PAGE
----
19 July 2010
I enjoyed reading your email this week. I can just imagine you, John, and Bro. Wright pulling up a pump! That would be a huge job. I can't believe you did that. I am glad that it was just a small problem and the three of you were able to fix it.
Speaking of John, has he grown very much?
Just send the money or suits whenever you can and don't worry about it too much. Things always work out, especially as a missionary. I'm excited to see what your book is like. That would be fun to look through.
I am really enjoying my new area. We are teaching a couple of families, although we could be teaching more. But people here in this stake seem to care a bit more about missionary work.
In my last area we went to a ward mission leader and asked him about the 15 names (that is a program that the Missionary Department asked us to do in November 2008) in his ward. He had them, but as far as we could tell no one had been invited to take missionary lessons (which is the whole point of the program).
So, on Saturday when Elder Meredith said we needed to go talk to a WML about the 15 names, I admit I was worried. But the brother was so kind, willing to listen, and thankful.
He said, "Thank you, elders, for coming and telling me this. I didn't know we were supposed to invite these people to take lessons. Now I know. Thank you so much."
In short, he was humble. I'm not the most humble guy on earth--I have learned a lot about humility on the mission--but I sure appreciate it when others are humble.
We had this three-day meeting in Pocatello this week. That was way cool. I will have to write home about it. But as our mission president said, "This [the simplified curriculum framework] is bringing Preach My Gospel to life." "It is unlocking Preach My Gospel." There are 8 lessons that the missionaries are taught. They are about being better missionaries. We were taught 5 of them while there. We will have a similar meeting in August but for only 2 days. We, as leaders in the mission, now have to go out and teach this to the rest of the mission. Basically our world as missionaries was just flipped upside down this past week. Everything is changing--from the way we teach to district meetings to interviews to zone conferences. It will be good. Rumor on the street (and this is strictly rumor, I have no idea if it is true) is that while we (the 50 or so leaders) were working with other missionaries in the Pocatello area Tuesday and Wednesday night, that 40 new baptism dates were set. I don't know if it was that many, but in one appointment we set a date. Elder Hernandez and his companions in American Falls set 4 in one night. So regardless of how many were set, a lot of people committed. This is changing everything and I am so stoked for it!
I pray for your work and the move to Missouri every night. I hope that it will work out. I think it would be neat to live in the Far West area. I will pray that the house sells. I know that whatever happens, it is the will of the Lord. We were taught something in this meeting about faith. It is imagining what the outcome is. Creating it in our minds first. That is the spiritual creation. Then we go about creating it, doing what is necessary. That is the physical creation. I thought that was an insightful perspective of faith. I need to work on doing that. (See Alma 5:15-21)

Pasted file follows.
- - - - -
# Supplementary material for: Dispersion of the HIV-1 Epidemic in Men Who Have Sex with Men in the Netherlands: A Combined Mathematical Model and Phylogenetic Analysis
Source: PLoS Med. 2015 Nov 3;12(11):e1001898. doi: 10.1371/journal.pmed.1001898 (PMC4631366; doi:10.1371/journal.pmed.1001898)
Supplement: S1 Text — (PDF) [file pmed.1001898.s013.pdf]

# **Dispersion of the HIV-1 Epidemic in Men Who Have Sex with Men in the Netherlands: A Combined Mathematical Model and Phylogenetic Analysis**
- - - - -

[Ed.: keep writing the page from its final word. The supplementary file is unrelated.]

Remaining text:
This mission is a very unique mission (I am sure that Provo is similar). I think that every missionary knows someone that is at BYU-I or will be, or has been, or lives in the mission. I also love it when I meet missionaries that were at BYU-I when they got there mission calls. Or elders that were in the mission that we see around--because they are at BYU-I. It is also funny when an elder has an ex-girlfriend at BYU-I, or a girlfriend at BYU-I who isn't really waiting, because he is here, but she kind of is too. It just makes for funny experiences. Or when elders guy friends/brothers are here also and "accidentally" run into each other. But it is really strange when you do run into someone, like Christina, in those spots where you don't expect to see them. You would think that with me hanging out in Rexburg every single p-day for 6 months straight, that I would run into someone from our stake. But then while eating at Famous Dave's in IF, one of the waitresses is someone I know. Weird.
The Webbs and the Burninghams are way cool people. Two families in the ward that I really liked. I am jealous that I never got Brother Burningham as my seminary teacher-he was way cool. Sister Evans was neat also.
I will never forget one 4th of July party we had at our house. At least I think these two things happened the same day (they were both the 4th of July, maybe different years). I was sitting there talking with Brother Burningham about playing basketball or something with us. He had that job with a bad work schedule, but he had just gotten a new one. He was saying something like, "Ya, with my new boss things should be better. It is a great place to work. It is a good job."
"Oh, that's good you got a new job. Who do you work for now?" I asked.
He looked at me with a really confused look on his face and said, "I work for your dad."
"You do?! I didn't know that." It was pretty funny.
Then when the Webbs moved in you invited them over for the 4th of July. Allyson was sitting across from me out back, not really doing anything or talking with anyone. She had these big sun glasses on and a cold attitude. So I thought I would be nice and talk with her. She would hardly give me the time of day, and only say "yes" or "no." After a minute or two of that I thought, "OK then. Never mind, I'll leave you alone."
She warmed up over the years though. Just not in the best of moods from being a new-move-in. I probably wasn't either.
Right now I think Dan is really the only good friend I have at BYU, so that would be a ton of fun if Allyson went there also. It seems like everyone always comes up here to BYU-I.